Submitted to: Cereal Chemistry
Publication Type: Peer Reviewed Journal
Publication Acceptance Date: 9/19/2003
Publication Date: 3/1/2004
Citation: Ram, M.S., Seitz, L.M., Dowell, F.E. 2004. Natural fluorescence of red and white wheat kernals. Cereal Chemistry. 2004. 81(2):244-248.
Interpretive Summary: For marketing purposes, red and white wheat need to be kept segregated because mixtures of these wheats are discounted, and some have different end uses. Identification of wheat color class is not straightforward, and currently, there is a great interest in characterizing red and white wheat using spectroscopy and chemical tests. During preliminary observations, we noticed that all varieties of red and white wheat exhibited natural fluorescence under UV light in a viewing cabinet, and there appeared to be some differences between red and white wheats. From a study of 90 cultivars (41 red and 49 white) we found that fluorescence emission spectra of red wheat kernels are different from those of white wheats, as indicated by partial least-squares (PLS) and neural networks analysis (NNA). This information may aid development of a simple, rapid wheat color class identification process easily without the use of chemicals. Only a relatively inexpensive spectrofluorometer would be required, and the test may be extendable to single kernels.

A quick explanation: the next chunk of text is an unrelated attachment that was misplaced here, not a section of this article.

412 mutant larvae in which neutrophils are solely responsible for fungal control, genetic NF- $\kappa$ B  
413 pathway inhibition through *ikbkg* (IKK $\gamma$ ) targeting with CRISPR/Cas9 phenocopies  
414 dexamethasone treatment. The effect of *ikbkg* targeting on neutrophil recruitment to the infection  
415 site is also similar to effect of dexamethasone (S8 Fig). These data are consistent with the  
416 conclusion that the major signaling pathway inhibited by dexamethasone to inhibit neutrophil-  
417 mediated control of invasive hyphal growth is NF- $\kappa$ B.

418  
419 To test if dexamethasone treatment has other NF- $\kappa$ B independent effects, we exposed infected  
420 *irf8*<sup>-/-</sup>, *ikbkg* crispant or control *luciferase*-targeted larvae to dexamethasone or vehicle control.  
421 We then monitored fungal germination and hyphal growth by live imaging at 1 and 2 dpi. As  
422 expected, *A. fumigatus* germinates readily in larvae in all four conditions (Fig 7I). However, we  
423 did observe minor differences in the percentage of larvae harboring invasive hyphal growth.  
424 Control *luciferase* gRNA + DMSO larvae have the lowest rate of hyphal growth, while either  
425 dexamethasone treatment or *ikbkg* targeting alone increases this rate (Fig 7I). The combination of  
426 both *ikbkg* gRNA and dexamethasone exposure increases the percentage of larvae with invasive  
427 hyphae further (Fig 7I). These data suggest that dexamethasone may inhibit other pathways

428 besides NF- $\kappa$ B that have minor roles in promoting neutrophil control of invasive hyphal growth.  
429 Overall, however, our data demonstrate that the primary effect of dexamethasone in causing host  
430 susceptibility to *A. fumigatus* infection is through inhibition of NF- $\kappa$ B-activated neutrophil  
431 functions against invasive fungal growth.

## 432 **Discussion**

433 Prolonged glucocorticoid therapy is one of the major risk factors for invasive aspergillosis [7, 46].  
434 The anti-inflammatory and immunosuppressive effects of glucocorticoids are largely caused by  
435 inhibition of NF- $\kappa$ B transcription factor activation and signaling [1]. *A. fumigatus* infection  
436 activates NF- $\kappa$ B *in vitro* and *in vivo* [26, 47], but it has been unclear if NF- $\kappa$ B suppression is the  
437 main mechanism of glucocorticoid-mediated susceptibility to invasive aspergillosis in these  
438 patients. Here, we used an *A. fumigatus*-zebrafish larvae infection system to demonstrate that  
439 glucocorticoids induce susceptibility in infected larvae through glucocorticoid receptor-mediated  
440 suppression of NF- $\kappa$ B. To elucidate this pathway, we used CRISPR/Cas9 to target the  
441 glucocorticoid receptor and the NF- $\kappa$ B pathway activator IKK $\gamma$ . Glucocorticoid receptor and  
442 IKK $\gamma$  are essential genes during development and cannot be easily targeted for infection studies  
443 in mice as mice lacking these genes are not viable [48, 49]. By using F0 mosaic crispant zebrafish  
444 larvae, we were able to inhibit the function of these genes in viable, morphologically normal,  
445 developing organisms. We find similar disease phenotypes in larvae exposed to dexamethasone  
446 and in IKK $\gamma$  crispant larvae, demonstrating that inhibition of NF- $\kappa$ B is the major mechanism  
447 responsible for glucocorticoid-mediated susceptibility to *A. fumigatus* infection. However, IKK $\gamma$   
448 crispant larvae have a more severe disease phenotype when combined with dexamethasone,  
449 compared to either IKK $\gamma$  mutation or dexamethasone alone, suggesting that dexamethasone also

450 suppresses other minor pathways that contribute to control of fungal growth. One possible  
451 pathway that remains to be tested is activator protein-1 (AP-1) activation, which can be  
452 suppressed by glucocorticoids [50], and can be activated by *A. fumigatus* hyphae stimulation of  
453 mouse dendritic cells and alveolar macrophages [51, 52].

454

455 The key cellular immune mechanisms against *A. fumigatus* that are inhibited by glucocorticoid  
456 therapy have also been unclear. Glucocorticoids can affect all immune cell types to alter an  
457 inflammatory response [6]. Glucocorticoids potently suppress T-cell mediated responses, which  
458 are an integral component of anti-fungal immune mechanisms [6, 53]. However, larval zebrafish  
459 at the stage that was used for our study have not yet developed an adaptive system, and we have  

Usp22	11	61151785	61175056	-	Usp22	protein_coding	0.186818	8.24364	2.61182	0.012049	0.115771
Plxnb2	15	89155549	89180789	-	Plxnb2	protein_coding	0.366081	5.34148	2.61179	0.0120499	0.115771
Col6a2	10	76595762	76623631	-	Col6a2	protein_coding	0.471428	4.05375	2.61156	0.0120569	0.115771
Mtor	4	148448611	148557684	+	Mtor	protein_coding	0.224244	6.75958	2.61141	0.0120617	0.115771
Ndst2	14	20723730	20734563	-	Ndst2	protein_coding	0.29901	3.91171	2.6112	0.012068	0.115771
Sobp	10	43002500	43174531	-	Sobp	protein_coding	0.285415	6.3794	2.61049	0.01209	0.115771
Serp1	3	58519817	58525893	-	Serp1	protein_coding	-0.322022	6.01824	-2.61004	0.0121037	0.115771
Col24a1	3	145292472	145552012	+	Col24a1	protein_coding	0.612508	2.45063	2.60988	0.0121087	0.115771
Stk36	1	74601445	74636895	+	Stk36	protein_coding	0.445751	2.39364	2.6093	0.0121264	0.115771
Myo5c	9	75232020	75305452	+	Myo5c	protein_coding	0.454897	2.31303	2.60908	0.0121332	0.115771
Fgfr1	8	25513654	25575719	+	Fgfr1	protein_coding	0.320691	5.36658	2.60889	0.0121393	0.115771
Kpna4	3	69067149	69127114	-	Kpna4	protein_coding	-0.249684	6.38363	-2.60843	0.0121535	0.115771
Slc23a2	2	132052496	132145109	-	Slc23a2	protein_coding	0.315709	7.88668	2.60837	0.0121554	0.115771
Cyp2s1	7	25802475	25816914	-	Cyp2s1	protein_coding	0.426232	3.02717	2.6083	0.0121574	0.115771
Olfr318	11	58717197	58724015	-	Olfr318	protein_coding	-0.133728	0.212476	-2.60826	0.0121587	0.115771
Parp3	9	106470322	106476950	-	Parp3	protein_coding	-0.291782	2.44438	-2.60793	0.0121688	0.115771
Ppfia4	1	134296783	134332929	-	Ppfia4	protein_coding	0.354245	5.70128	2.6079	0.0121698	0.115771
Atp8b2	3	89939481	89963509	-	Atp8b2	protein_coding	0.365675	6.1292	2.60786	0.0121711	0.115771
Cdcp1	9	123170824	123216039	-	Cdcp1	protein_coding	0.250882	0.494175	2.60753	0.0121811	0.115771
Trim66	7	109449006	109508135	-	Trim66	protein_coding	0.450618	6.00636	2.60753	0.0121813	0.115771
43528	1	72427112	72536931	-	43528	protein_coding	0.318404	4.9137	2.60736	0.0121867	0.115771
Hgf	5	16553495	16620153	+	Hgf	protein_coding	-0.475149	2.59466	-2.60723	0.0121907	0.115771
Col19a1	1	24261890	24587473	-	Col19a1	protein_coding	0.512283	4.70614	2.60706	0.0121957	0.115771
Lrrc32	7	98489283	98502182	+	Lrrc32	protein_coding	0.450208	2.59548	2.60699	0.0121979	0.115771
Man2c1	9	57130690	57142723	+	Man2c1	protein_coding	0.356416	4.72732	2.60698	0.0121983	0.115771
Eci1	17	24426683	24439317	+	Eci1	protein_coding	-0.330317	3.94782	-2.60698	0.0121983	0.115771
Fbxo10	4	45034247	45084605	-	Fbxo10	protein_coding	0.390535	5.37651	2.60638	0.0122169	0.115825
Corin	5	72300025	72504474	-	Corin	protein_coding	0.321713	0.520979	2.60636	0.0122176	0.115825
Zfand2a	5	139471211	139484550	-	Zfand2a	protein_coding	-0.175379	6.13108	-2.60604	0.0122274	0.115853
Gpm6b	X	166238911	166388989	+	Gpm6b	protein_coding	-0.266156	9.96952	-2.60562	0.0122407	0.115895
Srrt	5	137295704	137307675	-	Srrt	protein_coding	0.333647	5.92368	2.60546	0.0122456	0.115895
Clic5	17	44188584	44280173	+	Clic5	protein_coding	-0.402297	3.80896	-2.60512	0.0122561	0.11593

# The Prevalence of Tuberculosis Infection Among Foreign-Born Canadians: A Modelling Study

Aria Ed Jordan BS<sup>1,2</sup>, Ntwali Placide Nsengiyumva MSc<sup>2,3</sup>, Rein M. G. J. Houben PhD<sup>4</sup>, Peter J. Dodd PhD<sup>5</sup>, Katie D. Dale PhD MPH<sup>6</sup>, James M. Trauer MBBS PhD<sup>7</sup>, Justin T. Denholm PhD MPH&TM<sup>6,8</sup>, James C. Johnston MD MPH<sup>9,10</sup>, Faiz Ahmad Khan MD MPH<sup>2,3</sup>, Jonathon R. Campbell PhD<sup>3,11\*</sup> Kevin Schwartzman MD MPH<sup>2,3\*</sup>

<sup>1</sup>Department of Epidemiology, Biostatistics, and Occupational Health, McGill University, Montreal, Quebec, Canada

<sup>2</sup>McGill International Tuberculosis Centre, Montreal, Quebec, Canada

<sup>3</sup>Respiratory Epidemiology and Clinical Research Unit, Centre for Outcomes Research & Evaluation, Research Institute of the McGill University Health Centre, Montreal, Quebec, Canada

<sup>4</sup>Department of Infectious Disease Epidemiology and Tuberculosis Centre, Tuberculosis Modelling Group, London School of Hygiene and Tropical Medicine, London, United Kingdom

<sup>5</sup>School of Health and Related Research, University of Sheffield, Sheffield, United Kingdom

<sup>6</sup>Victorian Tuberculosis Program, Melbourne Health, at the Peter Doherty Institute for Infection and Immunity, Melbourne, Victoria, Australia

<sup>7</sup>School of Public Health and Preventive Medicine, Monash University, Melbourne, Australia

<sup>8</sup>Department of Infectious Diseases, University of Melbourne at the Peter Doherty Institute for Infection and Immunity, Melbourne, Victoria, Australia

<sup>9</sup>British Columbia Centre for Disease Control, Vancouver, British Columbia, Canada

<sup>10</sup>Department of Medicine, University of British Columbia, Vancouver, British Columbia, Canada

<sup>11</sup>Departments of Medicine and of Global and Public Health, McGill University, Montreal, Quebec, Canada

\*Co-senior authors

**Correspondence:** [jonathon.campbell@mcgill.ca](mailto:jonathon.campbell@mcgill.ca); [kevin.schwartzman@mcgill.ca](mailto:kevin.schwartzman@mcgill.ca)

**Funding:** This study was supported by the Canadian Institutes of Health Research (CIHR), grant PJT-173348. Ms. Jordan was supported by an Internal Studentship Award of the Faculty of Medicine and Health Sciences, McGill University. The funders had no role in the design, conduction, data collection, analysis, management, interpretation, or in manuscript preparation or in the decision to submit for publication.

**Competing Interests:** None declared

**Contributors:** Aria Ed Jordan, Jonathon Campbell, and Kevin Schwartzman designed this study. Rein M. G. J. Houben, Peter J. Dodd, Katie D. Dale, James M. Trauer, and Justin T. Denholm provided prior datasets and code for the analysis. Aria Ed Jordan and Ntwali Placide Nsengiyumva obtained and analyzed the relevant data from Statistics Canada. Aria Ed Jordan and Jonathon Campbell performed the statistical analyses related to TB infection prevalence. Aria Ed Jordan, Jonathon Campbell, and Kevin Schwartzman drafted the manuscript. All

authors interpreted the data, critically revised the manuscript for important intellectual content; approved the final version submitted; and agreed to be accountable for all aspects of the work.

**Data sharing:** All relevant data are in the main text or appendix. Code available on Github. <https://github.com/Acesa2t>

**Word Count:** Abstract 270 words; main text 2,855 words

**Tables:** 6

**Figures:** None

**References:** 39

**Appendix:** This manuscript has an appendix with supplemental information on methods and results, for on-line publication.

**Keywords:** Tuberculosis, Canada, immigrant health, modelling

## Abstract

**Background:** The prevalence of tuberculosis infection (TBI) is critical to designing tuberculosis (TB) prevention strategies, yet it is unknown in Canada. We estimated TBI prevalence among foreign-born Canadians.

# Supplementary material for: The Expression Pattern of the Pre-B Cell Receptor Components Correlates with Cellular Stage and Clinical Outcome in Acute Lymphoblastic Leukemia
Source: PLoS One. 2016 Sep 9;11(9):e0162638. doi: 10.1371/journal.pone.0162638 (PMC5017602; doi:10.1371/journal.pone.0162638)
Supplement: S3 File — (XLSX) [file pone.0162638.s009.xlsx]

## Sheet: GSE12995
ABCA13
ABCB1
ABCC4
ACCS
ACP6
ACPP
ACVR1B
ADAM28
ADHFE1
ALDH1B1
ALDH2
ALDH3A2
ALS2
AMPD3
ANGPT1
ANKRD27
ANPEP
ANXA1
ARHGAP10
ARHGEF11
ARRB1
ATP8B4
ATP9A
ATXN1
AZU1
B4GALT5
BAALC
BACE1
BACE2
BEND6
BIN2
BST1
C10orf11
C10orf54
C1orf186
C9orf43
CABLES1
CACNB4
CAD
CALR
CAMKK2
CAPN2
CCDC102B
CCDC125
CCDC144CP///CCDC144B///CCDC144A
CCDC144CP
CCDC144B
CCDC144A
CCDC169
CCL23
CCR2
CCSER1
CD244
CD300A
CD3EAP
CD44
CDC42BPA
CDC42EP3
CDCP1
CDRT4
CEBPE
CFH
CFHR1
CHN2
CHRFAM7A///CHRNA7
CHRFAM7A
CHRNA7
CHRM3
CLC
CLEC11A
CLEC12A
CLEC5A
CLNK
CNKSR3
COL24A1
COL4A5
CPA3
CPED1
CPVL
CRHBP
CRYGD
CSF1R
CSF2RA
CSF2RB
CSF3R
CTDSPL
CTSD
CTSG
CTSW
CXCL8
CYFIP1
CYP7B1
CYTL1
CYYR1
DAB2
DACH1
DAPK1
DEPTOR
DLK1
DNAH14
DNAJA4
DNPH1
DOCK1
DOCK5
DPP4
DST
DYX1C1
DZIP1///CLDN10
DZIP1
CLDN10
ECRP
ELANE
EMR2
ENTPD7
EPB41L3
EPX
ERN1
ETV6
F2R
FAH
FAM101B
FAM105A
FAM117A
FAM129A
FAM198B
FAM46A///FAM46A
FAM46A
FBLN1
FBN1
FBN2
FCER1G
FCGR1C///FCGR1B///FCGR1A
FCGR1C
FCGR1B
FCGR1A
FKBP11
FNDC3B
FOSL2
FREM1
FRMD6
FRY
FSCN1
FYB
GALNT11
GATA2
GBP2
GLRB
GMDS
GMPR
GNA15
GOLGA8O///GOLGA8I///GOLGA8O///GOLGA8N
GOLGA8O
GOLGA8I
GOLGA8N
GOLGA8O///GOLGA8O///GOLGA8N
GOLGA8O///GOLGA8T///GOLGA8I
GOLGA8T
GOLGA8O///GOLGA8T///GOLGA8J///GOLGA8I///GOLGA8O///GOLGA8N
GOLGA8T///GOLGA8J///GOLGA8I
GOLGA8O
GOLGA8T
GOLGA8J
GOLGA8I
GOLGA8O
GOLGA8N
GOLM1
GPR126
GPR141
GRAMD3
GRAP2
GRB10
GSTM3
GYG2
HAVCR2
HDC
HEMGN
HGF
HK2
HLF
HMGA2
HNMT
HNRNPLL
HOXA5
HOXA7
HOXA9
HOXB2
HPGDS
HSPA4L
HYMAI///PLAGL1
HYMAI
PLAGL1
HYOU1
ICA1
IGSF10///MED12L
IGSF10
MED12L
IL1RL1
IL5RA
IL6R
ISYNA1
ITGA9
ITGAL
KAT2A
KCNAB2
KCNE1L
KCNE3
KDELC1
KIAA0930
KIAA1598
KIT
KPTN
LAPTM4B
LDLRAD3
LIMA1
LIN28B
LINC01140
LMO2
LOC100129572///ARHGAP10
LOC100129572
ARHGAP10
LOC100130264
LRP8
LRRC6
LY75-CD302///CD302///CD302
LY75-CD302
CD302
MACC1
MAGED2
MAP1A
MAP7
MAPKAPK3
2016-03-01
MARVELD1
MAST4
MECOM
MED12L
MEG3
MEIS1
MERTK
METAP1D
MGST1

Technical Abstract: Red and white wheats must be segregated for marketing purposes, because they have different end uses. Identification of wheat color is not straightforward, and currently there is interest in characterizing red and white wheats using spectroscopy and / or chemical tests. The kernels of both red and white wheats exhibit natural fluorescence that can readily be viewed under UV light, although it is not possible to differentiate the fluorescence spectra of red and white wheats by visual inspection only. Fluorescence emission spectra, in the wavelength range of 370-670 nm, of 90 wheat samples consisting of 41 red and 49 white were analyzed by partial least- squares (PLS) and neural networks (NNAis ANN is more common?: Artificial Neural Networks) after normalization. Classification accuracies were ~90% for both analyses, with ANN results being slightly better. Samples that were not classified correctly by NNA*** also were not classified by PLS, but the reverse was not true. A plot of¿¿-coefficient vs. wavelength in PLS analysis indicated that fluorescence of red wheat cultivars was greater than that for white wheat cultivars at 415 ("20 ) nm wavelength, and fluorescence of white wheat cultivars was greater than that for red cultivars at 535 (" 35) nm. Fluorescence emission at around 450 nm from wheat samples increased in intensity after treatment with NaOH. The increase was greater for red than for white wheat. Wheat harvested after rainfall also exhibited a slight increase in fluorescence.